John Monroe had to contend with his hot-tempered, often obtuse boss, Manhattanite editor Hamilton Greeley, who usually found John's cartoons incomprehensible. (Greeley was loosely based on New Yorker editor Harold Ross.) Fortunately for John, he could share his frustrations with his writer friend, the sardonic Phil Jensen (based on writer Robert Benchley).
At home in Westport, Connecticut, John had to contend with the women in his life, whom he spent much agony trying to understand. His wife Ellen was practical and down-to-earth and was constantly bemused by John's inability to cope with day to day life, while his daughter, 10-year-old Lydia, was precocious and intelligent in ways that constantly confounded John.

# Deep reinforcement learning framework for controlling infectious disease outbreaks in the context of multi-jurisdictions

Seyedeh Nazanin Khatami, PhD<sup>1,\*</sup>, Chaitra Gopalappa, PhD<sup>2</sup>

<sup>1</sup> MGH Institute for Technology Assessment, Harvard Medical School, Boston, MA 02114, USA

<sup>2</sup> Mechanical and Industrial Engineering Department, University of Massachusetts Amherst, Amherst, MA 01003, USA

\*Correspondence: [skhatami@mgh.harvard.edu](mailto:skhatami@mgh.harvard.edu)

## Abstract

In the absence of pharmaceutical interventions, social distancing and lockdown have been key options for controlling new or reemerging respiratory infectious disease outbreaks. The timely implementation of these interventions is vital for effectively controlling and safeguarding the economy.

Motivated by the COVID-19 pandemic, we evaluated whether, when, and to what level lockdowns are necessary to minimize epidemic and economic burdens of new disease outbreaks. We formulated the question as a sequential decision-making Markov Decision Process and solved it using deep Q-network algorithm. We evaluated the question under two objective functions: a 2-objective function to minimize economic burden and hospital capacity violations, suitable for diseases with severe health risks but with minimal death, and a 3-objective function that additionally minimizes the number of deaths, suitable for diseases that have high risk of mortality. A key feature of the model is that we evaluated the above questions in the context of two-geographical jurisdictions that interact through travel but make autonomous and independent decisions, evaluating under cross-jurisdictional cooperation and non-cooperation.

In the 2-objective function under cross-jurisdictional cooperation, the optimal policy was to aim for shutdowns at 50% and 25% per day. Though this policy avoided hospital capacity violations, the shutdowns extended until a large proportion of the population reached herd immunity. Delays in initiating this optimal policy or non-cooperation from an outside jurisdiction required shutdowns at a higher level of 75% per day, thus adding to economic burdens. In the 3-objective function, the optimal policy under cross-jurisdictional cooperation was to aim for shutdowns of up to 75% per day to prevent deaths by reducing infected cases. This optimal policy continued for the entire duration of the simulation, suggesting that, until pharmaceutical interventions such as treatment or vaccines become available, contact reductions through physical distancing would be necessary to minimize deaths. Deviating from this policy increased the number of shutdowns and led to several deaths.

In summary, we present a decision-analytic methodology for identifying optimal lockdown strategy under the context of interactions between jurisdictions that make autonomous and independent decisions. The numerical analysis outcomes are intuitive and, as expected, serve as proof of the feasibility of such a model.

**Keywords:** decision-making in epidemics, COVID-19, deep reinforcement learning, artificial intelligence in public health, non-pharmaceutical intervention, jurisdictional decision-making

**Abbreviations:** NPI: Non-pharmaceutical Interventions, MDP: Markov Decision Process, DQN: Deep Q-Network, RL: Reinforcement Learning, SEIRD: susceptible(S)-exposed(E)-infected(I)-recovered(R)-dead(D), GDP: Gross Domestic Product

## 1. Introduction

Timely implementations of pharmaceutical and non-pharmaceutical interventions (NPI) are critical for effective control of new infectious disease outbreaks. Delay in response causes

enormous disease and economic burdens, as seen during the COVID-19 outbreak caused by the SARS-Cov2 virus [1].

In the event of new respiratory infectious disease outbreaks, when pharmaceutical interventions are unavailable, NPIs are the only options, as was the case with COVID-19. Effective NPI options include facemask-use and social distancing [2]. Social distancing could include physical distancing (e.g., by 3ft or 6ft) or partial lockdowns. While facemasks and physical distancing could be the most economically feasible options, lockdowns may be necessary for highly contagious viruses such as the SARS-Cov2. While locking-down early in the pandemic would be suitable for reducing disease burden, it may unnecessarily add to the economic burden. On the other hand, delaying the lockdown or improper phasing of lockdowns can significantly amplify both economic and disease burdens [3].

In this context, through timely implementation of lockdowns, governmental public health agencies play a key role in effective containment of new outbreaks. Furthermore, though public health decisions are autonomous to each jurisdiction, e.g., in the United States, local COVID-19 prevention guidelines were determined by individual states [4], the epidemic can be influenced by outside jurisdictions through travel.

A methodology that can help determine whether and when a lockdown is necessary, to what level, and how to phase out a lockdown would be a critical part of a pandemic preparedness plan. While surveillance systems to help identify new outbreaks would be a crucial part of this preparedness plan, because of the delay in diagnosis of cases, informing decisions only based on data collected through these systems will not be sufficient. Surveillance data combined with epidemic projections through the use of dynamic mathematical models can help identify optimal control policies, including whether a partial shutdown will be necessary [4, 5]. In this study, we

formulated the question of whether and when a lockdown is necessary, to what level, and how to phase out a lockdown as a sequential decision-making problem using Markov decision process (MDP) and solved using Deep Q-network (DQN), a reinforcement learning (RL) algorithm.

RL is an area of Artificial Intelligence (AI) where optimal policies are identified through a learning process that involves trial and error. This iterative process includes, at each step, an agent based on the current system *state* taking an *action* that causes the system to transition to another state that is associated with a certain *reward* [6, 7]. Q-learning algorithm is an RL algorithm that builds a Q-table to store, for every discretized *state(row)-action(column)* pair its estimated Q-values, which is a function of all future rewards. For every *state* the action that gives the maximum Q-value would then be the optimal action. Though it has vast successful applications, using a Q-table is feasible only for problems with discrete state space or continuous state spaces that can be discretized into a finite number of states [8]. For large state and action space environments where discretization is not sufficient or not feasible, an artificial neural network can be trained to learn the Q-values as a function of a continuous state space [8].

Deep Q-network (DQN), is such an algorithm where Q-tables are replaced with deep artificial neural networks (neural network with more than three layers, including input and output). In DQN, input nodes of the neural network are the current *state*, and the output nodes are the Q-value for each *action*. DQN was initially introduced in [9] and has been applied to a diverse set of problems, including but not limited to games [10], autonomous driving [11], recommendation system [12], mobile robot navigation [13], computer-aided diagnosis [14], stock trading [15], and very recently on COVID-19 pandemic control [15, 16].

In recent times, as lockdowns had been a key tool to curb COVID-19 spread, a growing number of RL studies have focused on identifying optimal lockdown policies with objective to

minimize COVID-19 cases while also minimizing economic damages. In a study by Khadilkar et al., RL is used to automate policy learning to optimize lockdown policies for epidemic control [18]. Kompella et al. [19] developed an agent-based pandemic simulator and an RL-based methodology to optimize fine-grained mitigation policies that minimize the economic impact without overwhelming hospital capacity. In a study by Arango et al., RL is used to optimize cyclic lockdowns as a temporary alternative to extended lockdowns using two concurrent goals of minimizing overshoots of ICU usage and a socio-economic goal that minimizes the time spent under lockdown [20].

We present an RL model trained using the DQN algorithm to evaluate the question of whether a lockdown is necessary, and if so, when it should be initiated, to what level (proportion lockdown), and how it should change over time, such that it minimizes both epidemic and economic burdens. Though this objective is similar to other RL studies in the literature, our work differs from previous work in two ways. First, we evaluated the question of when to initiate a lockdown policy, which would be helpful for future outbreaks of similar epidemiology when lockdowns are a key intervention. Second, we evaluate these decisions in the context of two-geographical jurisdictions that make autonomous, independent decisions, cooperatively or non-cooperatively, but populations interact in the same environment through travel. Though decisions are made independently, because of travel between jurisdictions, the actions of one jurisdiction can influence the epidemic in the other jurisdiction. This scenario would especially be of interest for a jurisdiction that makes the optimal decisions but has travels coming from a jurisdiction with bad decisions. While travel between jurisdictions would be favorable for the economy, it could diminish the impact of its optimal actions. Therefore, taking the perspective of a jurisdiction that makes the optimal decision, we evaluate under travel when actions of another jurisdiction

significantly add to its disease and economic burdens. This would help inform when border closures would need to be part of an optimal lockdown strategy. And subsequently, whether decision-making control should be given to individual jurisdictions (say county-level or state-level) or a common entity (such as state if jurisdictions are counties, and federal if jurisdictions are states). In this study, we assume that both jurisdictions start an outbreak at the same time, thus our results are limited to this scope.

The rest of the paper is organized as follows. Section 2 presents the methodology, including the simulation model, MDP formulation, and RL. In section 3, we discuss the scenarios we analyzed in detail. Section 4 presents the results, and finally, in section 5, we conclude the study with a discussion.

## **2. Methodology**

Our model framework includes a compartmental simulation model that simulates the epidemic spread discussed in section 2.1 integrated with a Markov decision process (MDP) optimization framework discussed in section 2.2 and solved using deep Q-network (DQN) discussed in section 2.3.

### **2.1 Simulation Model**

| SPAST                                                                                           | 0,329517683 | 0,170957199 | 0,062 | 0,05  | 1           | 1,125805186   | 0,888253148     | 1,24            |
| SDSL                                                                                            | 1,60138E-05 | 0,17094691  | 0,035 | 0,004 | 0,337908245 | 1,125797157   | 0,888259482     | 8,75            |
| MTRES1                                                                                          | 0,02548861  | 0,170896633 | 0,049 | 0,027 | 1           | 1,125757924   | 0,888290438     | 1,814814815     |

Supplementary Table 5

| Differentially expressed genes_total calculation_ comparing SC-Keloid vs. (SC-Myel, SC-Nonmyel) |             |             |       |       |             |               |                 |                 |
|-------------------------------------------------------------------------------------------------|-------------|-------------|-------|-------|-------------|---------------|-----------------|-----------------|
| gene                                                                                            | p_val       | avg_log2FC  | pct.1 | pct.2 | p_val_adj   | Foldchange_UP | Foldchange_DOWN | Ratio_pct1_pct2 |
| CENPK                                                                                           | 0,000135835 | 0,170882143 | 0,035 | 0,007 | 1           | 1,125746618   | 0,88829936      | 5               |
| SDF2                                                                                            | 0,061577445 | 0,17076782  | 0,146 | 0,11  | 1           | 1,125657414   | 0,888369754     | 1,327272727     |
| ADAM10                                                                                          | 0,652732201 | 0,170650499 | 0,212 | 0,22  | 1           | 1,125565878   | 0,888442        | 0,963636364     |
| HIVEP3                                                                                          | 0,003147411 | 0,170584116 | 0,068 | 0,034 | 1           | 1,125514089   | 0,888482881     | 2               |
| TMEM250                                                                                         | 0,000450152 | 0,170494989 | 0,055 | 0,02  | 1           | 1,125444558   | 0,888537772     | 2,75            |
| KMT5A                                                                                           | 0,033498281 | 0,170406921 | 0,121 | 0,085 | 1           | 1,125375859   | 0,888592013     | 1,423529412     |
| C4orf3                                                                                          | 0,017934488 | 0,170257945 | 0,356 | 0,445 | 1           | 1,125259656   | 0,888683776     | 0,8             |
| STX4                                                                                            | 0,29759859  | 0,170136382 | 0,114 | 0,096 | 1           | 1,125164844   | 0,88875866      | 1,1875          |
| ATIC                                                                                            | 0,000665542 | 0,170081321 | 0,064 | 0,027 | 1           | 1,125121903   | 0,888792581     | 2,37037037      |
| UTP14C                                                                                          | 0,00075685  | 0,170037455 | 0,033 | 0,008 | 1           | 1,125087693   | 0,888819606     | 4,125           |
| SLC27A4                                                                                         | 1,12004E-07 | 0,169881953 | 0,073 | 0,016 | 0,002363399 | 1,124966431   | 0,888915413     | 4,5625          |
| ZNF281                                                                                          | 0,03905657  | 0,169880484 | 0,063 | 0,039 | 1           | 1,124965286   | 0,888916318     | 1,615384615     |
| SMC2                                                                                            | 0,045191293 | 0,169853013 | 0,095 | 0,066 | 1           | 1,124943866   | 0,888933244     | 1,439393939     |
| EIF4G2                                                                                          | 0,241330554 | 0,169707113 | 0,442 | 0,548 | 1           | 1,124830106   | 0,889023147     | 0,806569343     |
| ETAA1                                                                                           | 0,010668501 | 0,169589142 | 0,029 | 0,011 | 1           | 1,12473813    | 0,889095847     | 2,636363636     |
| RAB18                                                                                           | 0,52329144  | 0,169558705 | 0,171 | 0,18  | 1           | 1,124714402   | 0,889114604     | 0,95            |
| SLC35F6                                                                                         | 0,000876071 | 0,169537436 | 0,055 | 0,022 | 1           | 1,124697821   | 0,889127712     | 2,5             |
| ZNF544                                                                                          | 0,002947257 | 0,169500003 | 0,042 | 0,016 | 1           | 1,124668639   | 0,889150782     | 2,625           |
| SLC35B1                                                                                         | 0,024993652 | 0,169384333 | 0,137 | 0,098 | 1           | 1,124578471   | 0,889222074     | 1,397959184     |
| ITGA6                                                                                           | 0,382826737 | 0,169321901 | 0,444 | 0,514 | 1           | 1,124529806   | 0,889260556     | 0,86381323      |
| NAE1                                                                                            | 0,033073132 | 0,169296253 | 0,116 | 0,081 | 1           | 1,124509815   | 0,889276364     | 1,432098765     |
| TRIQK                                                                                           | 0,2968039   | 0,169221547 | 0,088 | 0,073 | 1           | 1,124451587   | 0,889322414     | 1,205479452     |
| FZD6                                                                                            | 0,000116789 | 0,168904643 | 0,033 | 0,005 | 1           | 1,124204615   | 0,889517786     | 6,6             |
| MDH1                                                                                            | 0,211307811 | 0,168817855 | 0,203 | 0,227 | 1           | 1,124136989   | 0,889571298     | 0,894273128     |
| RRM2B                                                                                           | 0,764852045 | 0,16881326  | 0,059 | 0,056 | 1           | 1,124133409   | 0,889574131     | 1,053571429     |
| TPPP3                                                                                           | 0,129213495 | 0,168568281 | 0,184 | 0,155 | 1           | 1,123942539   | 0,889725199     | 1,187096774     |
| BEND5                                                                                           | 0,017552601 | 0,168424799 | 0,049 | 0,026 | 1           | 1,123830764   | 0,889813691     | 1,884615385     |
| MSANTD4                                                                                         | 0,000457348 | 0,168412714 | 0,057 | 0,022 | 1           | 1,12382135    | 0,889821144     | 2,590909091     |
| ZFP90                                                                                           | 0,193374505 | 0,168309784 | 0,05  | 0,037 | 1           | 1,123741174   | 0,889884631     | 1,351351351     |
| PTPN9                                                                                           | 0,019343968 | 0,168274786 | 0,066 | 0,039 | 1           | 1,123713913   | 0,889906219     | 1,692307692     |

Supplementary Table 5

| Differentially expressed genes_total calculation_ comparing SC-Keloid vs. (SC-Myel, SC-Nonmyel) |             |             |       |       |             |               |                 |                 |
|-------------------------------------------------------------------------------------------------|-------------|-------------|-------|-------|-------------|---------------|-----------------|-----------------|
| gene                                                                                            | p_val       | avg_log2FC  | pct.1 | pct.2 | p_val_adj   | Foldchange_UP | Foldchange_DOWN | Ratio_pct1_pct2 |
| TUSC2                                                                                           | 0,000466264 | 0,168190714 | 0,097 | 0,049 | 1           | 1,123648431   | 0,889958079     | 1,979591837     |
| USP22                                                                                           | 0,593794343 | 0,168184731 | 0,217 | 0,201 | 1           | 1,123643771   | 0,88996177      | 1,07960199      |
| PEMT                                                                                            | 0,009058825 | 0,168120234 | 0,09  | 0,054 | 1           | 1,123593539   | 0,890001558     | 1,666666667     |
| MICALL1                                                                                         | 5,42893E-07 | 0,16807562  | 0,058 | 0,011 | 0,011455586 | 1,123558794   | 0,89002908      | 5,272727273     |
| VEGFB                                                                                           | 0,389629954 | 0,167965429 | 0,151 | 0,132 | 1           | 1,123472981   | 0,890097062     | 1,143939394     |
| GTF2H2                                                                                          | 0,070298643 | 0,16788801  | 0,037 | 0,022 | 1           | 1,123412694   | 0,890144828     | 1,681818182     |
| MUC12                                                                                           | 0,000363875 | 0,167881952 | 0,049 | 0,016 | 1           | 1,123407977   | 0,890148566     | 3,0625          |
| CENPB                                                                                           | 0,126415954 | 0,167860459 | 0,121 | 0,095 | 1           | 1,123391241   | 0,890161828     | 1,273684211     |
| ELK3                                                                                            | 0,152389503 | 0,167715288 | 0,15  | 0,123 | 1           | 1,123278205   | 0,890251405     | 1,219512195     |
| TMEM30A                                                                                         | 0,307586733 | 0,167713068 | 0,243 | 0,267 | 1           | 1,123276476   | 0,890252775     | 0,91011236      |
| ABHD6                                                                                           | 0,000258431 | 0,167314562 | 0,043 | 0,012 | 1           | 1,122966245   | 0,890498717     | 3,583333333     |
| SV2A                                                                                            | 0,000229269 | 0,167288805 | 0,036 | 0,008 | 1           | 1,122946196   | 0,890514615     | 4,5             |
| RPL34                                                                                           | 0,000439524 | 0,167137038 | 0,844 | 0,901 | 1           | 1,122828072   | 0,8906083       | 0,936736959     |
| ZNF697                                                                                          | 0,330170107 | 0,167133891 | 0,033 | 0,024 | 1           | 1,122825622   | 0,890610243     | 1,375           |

In addition to the innovative use of animation combined with live action, the show had several other unusual characteristics. Many of the episodes incorporated Thurber stories like "If Grant Had Been Drinking at Appomattox" or "The Unicorn in the Garden." There were many fantasy sequences, the products of John's fertile imagination, which allowed him to escape reality, much like Thurber's most famous character, Walter Mitty. The cartoons that John drew for The Manhattanite were Thurber's cartoons. And John would often turn from the action to talk directly to the camera, just as George Burns had done on The George Burns and Gracie Allen Show and Garry Shandling would do years later on It's Garry Shandling's Show. In 1970 My World and Welcome to It won the Emmy Award for Best Comedy Series, and William Windom won Best Actor in a Comedy Series for his portrayal of John Monroe. Unfortunately, the show was cancelled after only one season. There was a great outcry when NBC cancelled the show, and there was talk of bringing the show back, but the cost of resuming production would have been too high, so that idea was scrapped. My World and Welcome to It Trivia: The title My World and Welcome to It is also the title of a collection of Thurber stories. The character of John Monroe is named for a character in a series of Thurber short stories. A TV pilot for a comedy series based on Thurber's work was made in 1959, written by My World and Welcome to It creator Melville Shavelson and directed by James Sheldon, who also directed episodes of MWAWTI. The proposed series would have been titled The Secret Life of John Monroe and the pilot, which had virtually the same plot line and characters as the "Christabel" episode of MWAWTI, starred Arthur O'Connell as John Monroe, Georganne Johnson as Ellen Monroe, and Susan Gordon as Lydia Monroe. It also included animation done by UPI Studios. The pilot was shown on Alcoa/Goodyear Playhouse on June 8, 1959. The animation for the series was done by DePatie-Freleng, who were also responsible for the Pink Panther cartoons. The reason for the show's cancellation was that after CBS has unexpectedly cancelled The Red Skelton Show, NBC quickly offered Skelton a half-hour comedy series, and in order to fit this new show into their schedule, they had to cancel a show already on their schedule. Sadly, their choice was My World and Welcome to It. NBC's Red Skelton Show lasted all of one season. CBS reran the series in the summer of 1972, a rare case of a program that had originally been shown on one network being rerun on another network. In 1972 creator Shavelson directed and co-wrote (with Danny Arnold) a film loosely based on Thurber called The War Between Men and Women, which was also the title of an episode of My World and Welcome to It and a famous series of Thurber cartoons. The film starred Jack Lemmon and Barbara Harris and featured a performance by MYAWTI's Lisa Gerritsen.moreless